Divine labours, devalued work: Response by Swati Gola

Ed Note: As part of our New Scholarship section, we have been inviting discussants to respond to the public law themed articles featured in Volume 5 the Indian Law Review. You can access all the posts in this discussion here. In this post, Swati Gola responds to the arguments made by Sneha Banerjee and Prabha Kotiswaran in their paper titled “Divine labours, devalued work: the continuing saga of India’s surrogacy regulation”. You can access the article here and the summary of the paper here.

Regulation of surrogacy (whereby a woman carries a pregnancy to term and gives birth to a child for another), arrangements have presented multi-faced challenges for governments throughout the globe. Socio-ethical and legal challenges of unregulated commercial surrogacy finally prompted the Indian government to propose legislation to regulate surrogacy. The Indian government had introduced the Surrogacy (Regulation) Bill 2019 as the 2016 Bill has lapsed. Following the criticism, the Indian government has introduced further amendments in the 2019 Bill which now allows ‘any ‘willing’ woman to be a surrogate,’ an Indian Single Woman (only widow or Divorcee) to commission surrogacy and requires a ‘certificate of essentiality’ from the intending parent(s). The amended Bill awaits tabling in the parliament.

Prof. Prabha Kotiswaran and Dr. Sneha Banerjee’s paper ‘Divine labours, devalued work: the continuing saga of India’s surrogacy regulation‘ presents a critique of the 2019 Bill raising a number of concerns. In this blog, I will discuss lack of compensation, absence of a contract and the need to streamline surrogacy with assisted reproductive technologies. There are many ways of reading the 2019 Bill and in my response, I draw from a longer paper that I recently published.[1]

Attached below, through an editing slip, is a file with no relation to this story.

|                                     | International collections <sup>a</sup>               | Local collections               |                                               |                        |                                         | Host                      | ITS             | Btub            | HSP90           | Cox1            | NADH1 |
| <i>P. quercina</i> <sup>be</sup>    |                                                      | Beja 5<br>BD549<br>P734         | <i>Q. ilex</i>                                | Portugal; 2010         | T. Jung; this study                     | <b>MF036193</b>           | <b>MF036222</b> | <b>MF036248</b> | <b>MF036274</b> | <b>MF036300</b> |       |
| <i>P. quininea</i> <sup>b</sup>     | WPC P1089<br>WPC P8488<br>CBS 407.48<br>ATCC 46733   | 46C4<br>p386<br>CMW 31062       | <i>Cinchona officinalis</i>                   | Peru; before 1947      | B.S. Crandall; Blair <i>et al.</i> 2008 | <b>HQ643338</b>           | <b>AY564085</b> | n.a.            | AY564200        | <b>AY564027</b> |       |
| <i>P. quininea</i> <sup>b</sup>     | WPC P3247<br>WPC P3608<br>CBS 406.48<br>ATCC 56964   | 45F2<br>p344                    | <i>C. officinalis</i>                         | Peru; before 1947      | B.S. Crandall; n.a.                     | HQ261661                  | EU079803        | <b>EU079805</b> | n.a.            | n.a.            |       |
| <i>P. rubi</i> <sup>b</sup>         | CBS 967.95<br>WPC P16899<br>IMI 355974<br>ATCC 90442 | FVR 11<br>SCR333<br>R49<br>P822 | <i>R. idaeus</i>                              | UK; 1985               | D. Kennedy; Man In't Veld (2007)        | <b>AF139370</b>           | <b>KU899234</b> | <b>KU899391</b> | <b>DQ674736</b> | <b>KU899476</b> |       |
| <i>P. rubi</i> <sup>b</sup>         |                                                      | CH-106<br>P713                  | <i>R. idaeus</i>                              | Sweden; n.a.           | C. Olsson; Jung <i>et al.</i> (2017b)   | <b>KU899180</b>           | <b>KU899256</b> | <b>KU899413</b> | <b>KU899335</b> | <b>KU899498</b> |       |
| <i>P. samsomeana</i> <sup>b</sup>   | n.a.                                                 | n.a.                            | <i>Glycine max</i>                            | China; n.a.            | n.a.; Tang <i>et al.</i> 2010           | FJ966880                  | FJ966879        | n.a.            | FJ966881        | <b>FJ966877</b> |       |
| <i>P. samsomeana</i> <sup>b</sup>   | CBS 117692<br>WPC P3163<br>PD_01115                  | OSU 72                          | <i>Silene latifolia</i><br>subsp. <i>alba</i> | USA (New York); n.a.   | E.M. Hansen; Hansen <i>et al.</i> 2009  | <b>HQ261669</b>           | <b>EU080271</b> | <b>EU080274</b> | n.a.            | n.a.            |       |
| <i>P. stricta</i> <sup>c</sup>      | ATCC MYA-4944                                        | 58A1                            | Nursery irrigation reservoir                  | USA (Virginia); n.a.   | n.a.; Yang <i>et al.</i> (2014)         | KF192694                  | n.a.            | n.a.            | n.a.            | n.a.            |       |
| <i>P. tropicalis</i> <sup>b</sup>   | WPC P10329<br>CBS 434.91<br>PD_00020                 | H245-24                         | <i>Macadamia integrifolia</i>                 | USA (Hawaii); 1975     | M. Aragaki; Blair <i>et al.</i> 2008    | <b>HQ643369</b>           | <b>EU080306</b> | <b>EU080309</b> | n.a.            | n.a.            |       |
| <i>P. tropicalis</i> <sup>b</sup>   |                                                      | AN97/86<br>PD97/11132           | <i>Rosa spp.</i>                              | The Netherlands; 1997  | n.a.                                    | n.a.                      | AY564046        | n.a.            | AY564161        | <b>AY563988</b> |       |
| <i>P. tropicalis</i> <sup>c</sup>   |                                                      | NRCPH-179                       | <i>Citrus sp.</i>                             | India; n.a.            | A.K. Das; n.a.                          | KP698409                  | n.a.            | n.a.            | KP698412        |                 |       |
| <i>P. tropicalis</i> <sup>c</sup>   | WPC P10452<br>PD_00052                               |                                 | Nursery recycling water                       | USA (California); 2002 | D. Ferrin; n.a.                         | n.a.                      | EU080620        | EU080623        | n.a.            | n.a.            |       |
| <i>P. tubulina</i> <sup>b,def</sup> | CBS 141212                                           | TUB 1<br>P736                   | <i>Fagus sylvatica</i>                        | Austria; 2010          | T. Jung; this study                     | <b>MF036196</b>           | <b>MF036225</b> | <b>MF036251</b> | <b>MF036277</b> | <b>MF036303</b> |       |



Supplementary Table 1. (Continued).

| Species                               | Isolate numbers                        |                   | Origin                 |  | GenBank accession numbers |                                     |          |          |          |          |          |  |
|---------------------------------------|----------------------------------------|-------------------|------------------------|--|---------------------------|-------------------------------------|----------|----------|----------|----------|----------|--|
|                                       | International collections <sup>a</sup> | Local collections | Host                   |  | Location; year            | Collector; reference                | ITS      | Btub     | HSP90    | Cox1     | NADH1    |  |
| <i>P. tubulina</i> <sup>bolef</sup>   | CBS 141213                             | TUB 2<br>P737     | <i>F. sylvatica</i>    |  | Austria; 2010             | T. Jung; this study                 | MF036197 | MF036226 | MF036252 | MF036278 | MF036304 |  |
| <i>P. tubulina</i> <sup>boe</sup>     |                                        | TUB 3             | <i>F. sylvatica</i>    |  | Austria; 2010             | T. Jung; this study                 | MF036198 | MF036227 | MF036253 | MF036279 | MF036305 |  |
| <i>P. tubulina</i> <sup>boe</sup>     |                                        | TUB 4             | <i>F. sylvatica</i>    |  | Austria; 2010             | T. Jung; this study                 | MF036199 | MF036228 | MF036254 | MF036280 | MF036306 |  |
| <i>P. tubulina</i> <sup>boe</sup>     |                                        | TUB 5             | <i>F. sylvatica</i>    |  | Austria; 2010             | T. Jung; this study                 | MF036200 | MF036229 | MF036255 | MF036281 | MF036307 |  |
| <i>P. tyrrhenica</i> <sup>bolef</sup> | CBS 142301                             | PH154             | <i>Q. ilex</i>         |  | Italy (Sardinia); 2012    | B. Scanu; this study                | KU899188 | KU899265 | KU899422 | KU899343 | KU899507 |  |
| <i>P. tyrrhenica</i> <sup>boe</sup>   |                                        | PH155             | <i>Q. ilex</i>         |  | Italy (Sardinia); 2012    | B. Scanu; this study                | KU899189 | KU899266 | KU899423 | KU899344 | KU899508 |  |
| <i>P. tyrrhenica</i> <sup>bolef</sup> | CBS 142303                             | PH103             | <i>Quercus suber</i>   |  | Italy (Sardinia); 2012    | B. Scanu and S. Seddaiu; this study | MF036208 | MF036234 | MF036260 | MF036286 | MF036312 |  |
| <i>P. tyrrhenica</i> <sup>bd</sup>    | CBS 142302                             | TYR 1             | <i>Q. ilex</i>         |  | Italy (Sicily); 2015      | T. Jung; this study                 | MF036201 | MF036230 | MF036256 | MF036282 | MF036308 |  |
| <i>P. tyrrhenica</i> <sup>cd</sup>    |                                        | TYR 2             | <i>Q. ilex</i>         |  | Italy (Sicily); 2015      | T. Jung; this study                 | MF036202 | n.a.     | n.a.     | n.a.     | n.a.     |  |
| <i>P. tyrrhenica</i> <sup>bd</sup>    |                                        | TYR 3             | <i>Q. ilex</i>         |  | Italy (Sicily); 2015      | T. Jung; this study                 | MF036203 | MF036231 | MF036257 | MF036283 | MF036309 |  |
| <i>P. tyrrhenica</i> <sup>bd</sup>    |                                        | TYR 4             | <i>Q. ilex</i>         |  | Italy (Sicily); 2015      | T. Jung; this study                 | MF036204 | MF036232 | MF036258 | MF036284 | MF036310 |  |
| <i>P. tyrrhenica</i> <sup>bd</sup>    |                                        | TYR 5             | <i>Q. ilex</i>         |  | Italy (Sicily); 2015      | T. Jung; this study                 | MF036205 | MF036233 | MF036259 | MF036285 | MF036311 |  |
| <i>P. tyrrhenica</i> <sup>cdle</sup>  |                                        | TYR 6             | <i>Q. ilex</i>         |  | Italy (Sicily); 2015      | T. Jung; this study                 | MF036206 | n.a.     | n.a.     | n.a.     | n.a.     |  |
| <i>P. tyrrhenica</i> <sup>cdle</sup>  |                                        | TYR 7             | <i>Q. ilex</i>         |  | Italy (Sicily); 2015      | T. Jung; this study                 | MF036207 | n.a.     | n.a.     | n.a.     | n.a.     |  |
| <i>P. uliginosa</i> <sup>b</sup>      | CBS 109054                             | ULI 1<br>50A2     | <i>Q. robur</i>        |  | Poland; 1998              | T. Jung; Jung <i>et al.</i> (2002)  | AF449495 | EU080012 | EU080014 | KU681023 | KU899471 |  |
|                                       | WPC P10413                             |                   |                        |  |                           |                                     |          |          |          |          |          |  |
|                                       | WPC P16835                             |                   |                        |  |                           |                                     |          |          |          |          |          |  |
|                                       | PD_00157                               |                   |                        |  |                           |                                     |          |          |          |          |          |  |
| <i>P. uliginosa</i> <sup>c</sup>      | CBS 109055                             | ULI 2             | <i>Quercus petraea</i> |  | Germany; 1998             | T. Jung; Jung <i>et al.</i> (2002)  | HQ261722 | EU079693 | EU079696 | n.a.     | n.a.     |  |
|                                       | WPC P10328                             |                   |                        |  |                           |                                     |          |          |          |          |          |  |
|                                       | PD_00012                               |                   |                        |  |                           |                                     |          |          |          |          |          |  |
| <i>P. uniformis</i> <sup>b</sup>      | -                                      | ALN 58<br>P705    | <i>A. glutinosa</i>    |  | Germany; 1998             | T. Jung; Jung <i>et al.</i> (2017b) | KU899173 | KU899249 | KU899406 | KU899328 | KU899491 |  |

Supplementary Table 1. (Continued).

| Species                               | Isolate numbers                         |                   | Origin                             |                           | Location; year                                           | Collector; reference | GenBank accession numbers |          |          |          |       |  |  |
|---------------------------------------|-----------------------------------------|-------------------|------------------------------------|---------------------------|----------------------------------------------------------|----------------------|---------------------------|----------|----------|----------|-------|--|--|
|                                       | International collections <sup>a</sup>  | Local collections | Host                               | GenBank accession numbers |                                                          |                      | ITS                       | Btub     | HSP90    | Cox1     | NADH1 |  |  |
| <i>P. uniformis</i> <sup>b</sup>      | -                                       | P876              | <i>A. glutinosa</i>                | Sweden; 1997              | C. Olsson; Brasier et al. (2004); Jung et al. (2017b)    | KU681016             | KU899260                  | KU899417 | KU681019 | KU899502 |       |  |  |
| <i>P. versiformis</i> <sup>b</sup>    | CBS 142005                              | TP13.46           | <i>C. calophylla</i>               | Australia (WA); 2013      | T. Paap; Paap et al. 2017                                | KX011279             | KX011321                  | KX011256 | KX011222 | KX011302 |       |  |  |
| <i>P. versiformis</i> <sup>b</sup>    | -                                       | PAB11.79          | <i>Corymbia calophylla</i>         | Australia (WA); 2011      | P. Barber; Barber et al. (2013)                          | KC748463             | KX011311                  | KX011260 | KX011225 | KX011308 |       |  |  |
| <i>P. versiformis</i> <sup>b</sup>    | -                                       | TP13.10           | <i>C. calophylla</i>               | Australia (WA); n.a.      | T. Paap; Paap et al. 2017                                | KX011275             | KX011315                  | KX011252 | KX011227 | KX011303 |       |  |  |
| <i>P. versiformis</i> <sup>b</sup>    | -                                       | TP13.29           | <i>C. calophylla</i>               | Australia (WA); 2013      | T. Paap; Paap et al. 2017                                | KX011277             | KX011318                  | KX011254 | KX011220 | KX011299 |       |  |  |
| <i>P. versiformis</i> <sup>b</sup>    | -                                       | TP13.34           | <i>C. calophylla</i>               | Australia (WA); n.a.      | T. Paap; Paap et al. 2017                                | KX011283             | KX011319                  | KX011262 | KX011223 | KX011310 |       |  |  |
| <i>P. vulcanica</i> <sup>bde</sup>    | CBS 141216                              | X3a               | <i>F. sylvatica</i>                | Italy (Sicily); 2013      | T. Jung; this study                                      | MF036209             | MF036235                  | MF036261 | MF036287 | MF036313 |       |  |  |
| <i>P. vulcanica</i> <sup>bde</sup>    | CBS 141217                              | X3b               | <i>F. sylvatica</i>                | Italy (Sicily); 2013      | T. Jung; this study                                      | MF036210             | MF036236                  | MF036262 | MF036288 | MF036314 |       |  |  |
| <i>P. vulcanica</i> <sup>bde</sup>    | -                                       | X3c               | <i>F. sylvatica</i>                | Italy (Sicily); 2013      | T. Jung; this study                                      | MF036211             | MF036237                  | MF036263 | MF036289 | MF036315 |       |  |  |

Remuneration for surrogacy services has been the most debated issue in regulation of surrogacy worldwide. Whereas unregulated commercial surrogacy led to the exploitation of surrogates in India, the provision of reasonable expenses for altruistic surrogacy has raised other issues in the UK where the surrogate is the legal mother of the child born of surrogacy. These issues include demands for expensive gifts by the surrogate in lieu of consent for parental order and the breakdown of relationship between the surrogate and the commissioning parents. At the same time, in jurisdictions like California, where commercial surrogacy is permitted and well regulated, baby selling rings have been apprehended wherein a prominent surrogacy attorney was involved.[2] The position posited in the paper, i.e., material feminism supports compensating the surrogate. However, the argument in the paper moves from reproductive autonomy to reproductive labour without deeply discussing either. For example, the paper first acknowledges that there is no right to reproduction under the Indian constitution referring to the Puttaswamy[3] judgement wherein the court upheld a right of reproductive autonomy as the constitutionally guaranteed right to privacy. However, it is not clear how the right to reproductive autonomy of the intending parent(s) extends to using another person’s (surrogate’s) body to fulfil their liberty of procreation. Then the paper raises the reproductive labour argument for compensating the surrogate but the case law[4] used to support the argument remarked on unpaid domestic and care work that a housewife engages in. The paper argues that these judgements implicitly recognise the reproductive labour performed by mothers in bearing children, including awarding compensation for the loss of a foetus but present no reasoning from within the judgements in support. It would have helped the reader a lot if the theoretical foundation had been provided in the paper which would have grounded their argument for compensated surrogacy better in the case law. In my paper, I too have criticised the proposed format of altruistic surrogacy for reducing the surrogate to a mere gestational carrier especially since the surrogate is barred from using her own eggs. Such an approach coupled with the requirement to pass the legal parentage to commissioning couple prior to surrogacy dismisses the surrogate’s status as a mother disqualifying her from any incentives of motherhood like maternity pay. It further undermines her reproductive labour and ignores the physical and psychological health risks and repercussions of a heavily medicalised pregnancy and birthing process.